Environmental Art: For World Environment Day, we decided to focus on Andy Goldsworthy’s art sculptures. The children explored the natural materials set up on the table which included hay and dried water hyacinth, attempting to create their own bird nest after observing Andy Goldsworthy’s work. They suggested that sticks would be the best material to create a strong bird nest and went on a stick hunt in the garden.
They kept themselves engaged in a spontaneous environmental art experience as they pushed the sticks they found into the soil, announcing that they will be setting up a tent here.
One of the children rubbed two sticks together and told his peers that this is how the people a long, long time ago made fire.
The children collaborated and worked together beautifully towards this shared goal. The banana tree nearby piqued their interest as they start discussing if they could use the leaves or stem for their tent. They harvested some dried stem skin off the banana tree and exclaimed that these will be the perfect roof for the tent!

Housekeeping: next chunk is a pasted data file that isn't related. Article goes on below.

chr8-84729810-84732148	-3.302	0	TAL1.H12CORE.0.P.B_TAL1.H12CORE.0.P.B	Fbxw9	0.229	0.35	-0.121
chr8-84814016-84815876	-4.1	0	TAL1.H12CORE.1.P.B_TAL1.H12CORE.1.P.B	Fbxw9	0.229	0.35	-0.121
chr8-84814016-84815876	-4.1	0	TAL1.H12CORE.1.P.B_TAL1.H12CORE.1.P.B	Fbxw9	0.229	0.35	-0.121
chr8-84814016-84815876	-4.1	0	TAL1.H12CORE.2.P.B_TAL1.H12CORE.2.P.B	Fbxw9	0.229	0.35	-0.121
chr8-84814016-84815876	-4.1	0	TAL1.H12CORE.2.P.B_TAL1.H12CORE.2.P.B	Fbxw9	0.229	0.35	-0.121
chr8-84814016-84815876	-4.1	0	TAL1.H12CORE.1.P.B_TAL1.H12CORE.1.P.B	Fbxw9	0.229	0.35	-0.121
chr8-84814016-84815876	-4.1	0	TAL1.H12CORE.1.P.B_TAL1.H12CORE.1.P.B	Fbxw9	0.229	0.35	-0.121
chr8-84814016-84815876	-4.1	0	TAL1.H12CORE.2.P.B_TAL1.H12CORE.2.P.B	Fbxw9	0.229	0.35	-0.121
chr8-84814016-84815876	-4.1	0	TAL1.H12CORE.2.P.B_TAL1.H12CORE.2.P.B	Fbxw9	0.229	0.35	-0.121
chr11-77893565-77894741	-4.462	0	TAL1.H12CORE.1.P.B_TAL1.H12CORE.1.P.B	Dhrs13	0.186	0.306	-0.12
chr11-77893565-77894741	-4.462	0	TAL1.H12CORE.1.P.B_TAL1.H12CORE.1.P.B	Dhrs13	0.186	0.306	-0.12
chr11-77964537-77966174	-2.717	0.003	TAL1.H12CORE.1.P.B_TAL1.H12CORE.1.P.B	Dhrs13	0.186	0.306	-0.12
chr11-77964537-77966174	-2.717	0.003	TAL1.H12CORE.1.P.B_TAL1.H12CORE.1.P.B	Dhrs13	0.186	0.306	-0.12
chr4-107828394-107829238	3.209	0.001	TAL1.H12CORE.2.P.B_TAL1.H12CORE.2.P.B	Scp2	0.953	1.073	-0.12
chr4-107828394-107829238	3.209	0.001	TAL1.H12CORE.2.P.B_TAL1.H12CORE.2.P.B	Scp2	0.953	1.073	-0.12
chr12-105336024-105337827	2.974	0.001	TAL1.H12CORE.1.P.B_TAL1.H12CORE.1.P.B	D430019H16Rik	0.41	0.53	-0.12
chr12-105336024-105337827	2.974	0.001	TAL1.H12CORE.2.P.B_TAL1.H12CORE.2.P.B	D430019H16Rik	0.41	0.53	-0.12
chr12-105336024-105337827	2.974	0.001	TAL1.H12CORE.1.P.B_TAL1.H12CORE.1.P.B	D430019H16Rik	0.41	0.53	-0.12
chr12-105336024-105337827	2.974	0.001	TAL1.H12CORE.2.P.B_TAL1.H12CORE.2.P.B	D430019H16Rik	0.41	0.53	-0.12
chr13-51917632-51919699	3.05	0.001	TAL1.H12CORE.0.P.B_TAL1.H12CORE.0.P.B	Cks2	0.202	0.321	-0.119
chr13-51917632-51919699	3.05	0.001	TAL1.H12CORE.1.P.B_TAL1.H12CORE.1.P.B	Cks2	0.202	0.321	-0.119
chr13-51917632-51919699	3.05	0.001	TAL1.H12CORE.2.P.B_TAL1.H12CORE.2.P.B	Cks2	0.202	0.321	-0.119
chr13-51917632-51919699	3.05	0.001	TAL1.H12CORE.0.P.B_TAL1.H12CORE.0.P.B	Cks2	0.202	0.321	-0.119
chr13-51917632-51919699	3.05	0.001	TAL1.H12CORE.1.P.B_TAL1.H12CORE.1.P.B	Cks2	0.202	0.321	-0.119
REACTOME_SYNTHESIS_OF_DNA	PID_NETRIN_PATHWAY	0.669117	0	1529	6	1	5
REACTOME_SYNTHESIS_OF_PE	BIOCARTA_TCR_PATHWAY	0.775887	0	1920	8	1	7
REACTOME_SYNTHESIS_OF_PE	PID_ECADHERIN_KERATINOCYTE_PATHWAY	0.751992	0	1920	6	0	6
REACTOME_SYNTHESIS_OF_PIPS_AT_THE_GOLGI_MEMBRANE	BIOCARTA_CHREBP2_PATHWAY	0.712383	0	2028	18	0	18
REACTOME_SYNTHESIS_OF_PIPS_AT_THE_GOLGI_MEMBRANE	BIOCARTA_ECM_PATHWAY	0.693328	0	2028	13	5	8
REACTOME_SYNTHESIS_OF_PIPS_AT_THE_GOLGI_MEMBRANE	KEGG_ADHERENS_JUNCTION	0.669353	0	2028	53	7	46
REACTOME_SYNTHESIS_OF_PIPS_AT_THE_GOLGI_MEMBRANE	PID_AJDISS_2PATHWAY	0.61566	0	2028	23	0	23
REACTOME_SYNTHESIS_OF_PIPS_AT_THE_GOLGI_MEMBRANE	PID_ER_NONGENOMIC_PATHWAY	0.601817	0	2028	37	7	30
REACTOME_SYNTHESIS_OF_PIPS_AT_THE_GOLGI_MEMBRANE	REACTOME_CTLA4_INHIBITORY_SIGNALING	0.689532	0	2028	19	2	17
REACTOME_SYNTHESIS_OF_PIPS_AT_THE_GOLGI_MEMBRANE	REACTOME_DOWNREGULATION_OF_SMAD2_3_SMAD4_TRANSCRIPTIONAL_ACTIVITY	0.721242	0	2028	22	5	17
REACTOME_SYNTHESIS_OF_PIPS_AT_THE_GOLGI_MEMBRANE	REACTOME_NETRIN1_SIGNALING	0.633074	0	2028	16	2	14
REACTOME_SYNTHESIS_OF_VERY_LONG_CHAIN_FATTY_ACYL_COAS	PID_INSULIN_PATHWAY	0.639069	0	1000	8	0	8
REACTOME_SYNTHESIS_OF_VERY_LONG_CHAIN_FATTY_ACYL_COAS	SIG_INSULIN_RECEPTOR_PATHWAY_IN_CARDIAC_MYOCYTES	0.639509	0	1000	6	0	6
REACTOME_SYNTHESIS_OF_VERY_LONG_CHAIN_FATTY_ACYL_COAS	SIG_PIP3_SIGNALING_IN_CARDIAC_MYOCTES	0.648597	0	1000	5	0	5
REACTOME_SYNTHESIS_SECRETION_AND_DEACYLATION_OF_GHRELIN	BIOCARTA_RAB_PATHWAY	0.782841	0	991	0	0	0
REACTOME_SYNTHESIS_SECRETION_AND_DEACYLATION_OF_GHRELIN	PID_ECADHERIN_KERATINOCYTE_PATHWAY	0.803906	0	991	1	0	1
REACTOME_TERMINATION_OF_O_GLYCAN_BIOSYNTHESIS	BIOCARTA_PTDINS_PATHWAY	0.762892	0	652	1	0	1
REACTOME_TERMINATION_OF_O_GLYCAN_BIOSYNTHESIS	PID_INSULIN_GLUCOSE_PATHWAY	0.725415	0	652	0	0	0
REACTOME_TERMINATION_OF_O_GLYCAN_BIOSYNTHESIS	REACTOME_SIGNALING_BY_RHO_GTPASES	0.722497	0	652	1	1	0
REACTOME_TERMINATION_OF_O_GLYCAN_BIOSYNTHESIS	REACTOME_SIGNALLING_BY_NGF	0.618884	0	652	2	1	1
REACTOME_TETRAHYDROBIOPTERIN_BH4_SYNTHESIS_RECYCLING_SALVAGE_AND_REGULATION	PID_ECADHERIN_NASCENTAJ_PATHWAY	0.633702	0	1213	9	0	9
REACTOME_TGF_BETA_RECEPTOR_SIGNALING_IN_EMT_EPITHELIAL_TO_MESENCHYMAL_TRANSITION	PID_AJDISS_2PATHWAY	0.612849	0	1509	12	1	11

The question asked by Emilia: “Can we draw or paint on this?” inspired a new experience which involved us searching for the perfect paper substitute.
The children walked around with their peers and harvested a bit of everything from the garden. They experimented on various leaves and stems they collected by painting, drawing and even cutting them. In the end, they’ve concluded that dried tiger grass and banana stem skin felt the most “paper-like”.
Through this spontaneous but meaningful experience, it is evident that children resourced their own learning through connecting with nature. They also developed a range of skills and processes such as problem solving, enquiry, experimentation and investigation. Their excellent social and language skills can be observed through their respectful interactions with each other.
Our learning journey in environmental art continues when Salim asked if paint could come from trees too…